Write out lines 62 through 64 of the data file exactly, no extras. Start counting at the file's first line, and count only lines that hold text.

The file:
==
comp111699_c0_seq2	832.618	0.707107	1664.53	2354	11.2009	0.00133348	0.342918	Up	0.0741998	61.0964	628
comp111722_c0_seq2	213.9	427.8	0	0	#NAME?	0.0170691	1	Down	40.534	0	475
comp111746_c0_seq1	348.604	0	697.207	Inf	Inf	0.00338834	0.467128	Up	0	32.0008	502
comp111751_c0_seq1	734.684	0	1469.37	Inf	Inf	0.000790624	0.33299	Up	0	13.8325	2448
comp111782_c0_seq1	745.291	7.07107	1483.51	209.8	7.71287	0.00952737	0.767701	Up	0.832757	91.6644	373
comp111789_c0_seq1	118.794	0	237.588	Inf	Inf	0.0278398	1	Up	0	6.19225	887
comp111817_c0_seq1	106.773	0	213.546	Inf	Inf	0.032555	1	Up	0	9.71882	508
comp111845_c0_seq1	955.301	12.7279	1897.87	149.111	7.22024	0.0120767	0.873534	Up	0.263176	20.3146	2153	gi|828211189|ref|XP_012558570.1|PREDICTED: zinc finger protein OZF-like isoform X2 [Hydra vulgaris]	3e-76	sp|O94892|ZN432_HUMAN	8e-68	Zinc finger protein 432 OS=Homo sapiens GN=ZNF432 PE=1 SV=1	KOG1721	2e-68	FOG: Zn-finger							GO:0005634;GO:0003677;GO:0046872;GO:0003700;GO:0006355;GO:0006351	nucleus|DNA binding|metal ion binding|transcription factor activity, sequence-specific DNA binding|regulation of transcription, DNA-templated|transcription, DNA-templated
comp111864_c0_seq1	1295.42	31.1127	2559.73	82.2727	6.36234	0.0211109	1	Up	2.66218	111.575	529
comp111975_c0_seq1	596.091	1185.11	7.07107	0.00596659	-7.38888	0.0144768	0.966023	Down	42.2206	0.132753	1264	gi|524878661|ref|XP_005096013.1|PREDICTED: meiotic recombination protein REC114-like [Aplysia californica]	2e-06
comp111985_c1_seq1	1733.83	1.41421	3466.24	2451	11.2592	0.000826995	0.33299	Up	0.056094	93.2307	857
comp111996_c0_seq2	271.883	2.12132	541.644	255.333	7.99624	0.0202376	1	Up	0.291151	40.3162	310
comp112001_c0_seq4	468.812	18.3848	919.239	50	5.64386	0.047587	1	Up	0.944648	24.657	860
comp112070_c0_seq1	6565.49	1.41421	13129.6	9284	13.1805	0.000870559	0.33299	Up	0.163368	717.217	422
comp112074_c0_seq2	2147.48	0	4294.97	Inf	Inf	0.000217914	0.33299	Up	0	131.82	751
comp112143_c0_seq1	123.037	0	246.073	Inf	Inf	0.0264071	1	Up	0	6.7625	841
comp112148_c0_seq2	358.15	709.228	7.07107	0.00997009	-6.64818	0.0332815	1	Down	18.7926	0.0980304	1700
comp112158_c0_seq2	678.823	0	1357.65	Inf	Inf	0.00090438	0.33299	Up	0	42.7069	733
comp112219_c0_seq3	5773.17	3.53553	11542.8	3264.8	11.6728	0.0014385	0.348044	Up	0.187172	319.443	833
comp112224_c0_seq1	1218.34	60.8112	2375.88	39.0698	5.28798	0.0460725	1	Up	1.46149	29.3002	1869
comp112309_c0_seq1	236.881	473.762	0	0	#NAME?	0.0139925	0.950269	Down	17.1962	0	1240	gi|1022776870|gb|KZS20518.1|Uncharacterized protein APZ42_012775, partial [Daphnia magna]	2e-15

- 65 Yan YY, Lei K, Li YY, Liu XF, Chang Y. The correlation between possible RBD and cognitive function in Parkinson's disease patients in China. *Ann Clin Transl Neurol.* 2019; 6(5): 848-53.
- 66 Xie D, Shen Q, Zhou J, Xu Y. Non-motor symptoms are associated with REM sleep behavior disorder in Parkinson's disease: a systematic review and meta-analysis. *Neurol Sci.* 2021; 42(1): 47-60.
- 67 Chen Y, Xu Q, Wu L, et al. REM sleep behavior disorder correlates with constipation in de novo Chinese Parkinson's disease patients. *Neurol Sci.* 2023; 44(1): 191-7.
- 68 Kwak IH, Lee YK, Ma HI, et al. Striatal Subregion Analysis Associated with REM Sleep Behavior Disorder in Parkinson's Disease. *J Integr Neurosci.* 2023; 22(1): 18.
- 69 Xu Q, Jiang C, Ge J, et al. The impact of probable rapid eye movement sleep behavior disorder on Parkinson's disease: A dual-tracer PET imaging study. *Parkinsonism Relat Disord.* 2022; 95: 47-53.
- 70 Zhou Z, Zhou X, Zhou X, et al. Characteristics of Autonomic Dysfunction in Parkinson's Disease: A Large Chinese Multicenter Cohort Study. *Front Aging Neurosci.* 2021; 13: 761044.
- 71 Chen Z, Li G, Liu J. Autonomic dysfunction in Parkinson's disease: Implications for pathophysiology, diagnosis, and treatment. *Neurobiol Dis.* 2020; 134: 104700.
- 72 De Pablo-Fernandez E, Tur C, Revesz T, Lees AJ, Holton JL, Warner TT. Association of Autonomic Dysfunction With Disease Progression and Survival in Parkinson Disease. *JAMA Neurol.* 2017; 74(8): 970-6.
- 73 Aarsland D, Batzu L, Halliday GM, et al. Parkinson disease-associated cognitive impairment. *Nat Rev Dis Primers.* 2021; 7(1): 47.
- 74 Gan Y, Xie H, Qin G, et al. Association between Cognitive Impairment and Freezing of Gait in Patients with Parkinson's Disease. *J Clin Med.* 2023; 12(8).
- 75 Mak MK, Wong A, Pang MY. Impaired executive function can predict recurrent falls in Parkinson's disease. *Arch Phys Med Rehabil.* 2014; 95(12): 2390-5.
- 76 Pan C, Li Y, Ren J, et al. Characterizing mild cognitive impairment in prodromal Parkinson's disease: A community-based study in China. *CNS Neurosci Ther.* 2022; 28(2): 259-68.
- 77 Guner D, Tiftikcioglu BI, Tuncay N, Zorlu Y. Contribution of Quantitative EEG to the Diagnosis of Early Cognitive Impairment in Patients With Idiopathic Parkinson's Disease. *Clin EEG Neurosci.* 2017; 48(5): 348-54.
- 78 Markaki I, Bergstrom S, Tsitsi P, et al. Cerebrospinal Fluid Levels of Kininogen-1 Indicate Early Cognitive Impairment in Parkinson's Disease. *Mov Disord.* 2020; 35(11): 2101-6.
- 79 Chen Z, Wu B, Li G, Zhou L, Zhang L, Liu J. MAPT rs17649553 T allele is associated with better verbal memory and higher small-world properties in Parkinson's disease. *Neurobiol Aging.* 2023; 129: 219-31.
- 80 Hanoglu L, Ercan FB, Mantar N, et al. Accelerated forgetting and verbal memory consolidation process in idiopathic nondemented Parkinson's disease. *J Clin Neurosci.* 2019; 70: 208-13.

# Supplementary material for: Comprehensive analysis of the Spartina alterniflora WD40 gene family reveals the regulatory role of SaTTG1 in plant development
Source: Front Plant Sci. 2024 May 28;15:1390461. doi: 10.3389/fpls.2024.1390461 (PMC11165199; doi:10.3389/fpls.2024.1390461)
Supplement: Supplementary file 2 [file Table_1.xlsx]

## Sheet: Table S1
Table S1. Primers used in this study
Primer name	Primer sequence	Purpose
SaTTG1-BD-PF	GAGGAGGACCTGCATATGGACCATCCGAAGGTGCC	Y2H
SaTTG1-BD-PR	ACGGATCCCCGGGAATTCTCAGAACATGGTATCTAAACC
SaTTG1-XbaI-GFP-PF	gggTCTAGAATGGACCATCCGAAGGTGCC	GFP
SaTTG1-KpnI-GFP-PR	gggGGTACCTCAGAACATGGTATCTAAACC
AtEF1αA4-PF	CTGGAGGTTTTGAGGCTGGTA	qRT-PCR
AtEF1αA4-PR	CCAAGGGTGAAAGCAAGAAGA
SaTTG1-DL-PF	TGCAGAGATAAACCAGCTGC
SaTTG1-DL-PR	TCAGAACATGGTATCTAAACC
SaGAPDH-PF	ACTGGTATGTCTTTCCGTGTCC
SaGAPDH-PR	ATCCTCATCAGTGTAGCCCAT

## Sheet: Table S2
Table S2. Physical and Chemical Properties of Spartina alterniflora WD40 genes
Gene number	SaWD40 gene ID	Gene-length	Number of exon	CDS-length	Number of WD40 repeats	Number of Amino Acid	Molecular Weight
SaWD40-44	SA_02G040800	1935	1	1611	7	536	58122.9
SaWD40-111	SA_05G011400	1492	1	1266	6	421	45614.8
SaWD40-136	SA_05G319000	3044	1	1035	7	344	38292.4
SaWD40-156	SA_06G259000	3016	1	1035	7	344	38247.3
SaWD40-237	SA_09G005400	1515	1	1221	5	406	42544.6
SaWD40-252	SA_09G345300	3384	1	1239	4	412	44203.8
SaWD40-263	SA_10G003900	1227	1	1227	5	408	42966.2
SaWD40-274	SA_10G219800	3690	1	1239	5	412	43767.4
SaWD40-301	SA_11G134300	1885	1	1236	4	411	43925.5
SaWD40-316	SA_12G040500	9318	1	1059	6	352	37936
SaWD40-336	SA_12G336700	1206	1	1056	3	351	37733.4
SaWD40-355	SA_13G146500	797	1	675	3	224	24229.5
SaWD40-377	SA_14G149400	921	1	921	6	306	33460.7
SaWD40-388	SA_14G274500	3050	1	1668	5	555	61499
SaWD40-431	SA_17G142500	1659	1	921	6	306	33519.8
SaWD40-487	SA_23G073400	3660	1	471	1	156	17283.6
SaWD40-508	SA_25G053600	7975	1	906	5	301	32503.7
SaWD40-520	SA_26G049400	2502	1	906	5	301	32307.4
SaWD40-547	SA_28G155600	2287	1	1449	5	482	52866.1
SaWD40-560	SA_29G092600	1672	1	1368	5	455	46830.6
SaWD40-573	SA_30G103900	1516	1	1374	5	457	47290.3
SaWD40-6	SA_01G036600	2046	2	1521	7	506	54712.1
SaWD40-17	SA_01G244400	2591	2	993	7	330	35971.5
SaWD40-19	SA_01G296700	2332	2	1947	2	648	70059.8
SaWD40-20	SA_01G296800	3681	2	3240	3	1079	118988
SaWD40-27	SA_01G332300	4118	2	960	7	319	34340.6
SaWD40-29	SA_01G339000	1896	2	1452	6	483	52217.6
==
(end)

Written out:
SaWD40-252	SA_09G345300	3384	1	1239	4	412	44203.8
SaWD40-263	SA_10G003900	1227	1	1227	5	408	42966.2
SaWD40-274	SA_10G219800	3690	1	1239	5	412	43767.4